If the declaration is without the PAN, then tax is to be deducted at higher of following rates :
Yes, failure to remit tax deducted by me in the government’s account within stipulated time-limit would attract interest, penalty and rigorous imprisonment of upto seven years.
Yes, the tax credit in your case will be reflected in your Form 26AS and, hence, you can check Form 26AS and claim the credit of the tax accordingly. However, the claim of TDS to be made in your return of income should be strictly as per the TDS credit being reflected in Form 26AS. If there is any discrepancy in the tax actually deducted and the tax credit being reflected in Form 26AS then you should intimate the same to the deductor and should reconcile the difference. The credit granted by the Income-tax Department will be as per Form 26AS.
Yes, Finance Act, 2013 has introduced section 194-IA which provides for deduction of tax at source in case of payment of sale consideration of immovable property (other than rural agricultural land) to a resident. Section 194-IA is not applicable if the seller is a non-resident. Tax is to be deducted @ 1%. No tax is to be deducted if the consideration is below Rs. 50,00,000. If the sale consideration exceeds Rs. 50,00,000, then tax is to be deducted on the entire amount and not only on the amount exceeding Rs. 50,00,000.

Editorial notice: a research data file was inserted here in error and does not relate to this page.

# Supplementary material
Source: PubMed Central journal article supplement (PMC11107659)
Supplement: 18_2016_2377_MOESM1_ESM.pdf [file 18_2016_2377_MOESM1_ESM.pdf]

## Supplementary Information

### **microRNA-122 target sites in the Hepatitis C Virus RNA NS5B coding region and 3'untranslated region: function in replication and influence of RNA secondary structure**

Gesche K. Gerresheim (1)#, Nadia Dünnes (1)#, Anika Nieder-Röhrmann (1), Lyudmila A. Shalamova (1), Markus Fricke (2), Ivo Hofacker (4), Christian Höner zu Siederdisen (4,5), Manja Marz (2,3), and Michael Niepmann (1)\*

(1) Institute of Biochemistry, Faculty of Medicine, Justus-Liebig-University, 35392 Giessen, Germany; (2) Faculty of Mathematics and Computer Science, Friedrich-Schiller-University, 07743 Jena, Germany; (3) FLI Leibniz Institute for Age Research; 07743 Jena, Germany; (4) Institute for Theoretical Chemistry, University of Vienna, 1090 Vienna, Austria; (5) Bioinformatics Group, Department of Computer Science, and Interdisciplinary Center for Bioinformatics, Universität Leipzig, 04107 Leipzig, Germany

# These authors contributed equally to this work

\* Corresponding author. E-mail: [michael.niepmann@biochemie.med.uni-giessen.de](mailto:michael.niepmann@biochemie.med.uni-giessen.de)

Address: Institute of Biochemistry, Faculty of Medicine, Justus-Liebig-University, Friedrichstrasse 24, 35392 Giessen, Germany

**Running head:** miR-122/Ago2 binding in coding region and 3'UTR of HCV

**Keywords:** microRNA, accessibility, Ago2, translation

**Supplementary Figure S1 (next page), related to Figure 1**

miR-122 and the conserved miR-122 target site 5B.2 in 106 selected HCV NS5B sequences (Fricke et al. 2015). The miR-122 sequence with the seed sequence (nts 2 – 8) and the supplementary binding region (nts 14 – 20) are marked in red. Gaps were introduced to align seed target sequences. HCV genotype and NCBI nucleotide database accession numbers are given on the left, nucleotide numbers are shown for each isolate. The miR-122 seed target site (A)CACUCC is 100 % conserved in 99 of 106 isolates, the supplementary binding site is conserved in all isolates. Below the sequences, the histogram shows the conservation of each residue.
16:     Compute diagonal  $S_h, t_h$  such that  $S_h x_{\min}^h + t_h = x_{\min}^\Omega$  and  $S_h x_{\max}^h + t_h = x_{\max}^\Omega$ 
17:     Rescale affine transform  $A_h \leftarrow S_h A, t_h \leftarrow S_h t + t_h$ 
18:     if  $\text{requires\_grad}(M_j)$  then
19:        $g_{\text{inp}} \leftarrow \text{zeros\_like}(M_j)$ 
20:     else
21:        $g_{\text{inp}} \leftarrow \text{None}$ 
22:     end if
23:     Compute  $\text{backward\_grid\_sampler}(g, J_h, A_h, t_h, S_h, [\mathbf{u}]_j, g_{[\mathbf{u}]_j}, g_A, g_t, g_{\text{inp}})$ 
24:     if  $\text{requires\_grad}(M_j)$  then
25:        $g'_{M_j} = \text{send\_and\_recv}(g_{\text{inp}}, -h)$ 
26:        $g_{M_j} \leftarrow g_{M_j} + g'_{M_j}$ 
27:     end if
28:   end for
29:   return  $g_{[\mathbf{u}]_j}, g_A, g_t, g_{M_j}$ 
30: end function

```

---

If the seller is a non-resident then tax is be deducted under section 195 and not under section 194-IA. Thus, in case of purchase of property from non-resident TDS provisions of section 195 will apply and not of section 194-IA
PAN stands for Permanent Account Number and TAN stands for Tax Deduction Account Number. TAN is to be obtained by the person responsible to deduct tax, i.e., the deductor. In all the documents relating to TDS and all the correspondence with the Income-tax Department relating to TDS one has to quote his TAN.
PAN cannot be used for TAN, hence, the deductor has to obtain TAN, even if he holds PAN.
However, in case of TDS on purchase of land and building (as per section 194-IA) as discussed in previous FAQ, the deductor is not required to obtain TAN and can use PAN for remitting the TDS.
To know the quantum of the tax deducted by the payer, you can ask the payer to furnish you a TDS certificate in respect of tax deducted by him.